Metro-North to be at half capacity Monday, fully restored by Oct. 8: MTA
The MTA said the Metro-North Railroad expects its New Haven line to return to half capacity today after a power failure last week caused delays for tens of thousands of commuters, and two senators have called for a probe into how the power failure happened.
Metro-North President Howard Permut said full service will likely be restored by Oct. 8, after ConEd has completed its repairs and the MTA has run its tests.
"This service plan will remain in effect until Con Edison is able to provide full power through the Mount Vernon feeder to the New Haven Line," Permut said. "Until then, we thank our customers for their patience and flexibility during this disruption."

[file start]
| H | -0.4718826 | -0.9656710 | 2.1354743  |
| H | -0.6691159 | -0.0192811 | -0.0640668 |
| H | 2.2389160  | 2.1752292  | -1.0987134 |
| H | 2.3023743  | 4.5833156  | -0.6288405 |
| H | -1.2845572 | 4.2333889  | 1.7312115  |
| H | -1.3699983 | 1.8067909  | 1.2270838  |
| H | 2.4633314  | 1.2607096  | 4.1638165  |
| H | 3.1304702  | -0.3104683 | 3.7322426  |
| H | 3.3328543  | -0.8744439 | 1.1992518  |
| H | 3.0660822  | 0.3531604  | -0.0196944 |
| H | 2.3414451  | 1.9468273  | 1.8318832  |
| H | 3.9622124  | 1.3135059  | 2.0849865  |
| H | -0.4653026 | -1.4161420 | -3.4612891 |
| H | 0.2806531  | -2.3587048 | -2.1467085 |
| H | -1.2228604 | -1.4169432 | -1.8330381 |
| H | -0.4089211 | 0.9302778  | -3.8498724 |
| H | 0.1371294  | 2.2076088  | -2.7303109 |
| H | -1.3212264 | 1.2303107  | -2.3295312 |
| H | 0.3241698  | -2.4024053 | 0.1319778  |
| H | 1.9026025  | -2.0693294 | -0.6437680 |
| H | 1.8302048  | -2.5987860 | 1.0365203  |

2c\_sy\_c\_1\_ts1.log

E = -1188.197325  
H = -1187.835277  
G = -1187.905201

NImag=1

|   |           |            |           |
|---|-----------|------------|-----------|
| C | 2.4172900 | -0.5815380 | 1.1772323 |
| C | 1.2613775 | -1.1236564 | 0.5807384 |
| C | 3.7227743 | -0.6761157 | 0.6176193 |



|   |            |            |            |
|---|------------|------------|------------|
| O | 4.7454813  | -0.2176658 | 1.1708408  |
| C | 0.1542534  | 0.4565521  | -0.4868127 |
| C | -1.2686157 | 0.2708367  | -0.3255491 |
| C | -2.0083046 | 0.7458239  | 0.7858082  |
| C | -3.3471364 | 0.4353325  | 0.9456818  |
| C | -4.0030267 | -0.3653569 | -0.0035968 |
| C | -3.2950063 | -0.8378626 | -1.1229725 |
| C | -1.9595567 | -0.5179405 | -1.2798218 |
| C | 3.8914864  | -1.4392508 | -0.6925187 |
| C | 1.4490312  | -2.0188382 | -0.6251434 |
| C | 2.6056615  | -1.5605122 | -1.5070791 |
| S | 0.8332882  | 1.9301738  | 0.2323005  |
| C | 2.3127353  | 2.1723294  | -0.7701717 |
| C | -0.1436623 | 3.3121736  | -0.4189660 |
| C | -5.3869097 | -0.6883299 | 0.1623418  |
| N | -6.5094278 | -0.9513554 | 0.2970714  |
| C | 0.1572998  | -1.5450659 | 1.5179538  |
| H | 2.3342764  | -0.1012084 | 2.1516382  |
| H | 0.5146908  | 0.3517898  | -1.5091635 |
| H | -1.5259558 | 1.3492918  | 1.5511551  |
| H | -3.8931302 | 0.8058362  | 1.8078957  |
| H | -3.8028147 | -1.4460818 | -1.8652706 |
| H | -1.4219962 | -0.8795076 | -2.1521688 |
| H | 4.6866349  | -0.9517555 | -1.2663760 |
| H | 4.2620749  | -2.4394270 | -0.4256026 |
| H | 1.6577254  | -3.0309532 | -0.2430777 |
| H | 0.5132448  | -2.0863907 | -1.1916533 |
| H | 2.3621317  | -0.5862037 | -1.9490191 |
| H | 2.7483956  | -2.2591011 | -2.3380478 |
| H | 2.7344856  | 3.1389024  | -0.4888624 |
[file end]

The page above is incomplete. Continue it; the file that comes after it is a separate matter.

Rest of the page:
The outage began on Wednesday morning when a high-powered electric cable failed near Harrison, New York, a town about 22 miles north of Manhattan. The outage occurred while crews were working to replace an alternate power line.
Some 125,000 commuters a day have faced long delays as crews struggle to restore full service.
Meanwhile, Sen. Chuck Schumer and Connecticut Sen. Richard Blumenthal have written to the U.S. Department of Energy and the New York State Public Service Commission asking that they help restore power and examine what went wrong.
"The Department of Energy needs to join up with the investigators at the Public Service Commission and utilize their expertise to figure out what exactly went wrong and why, and how it can be fixed," Schumer said.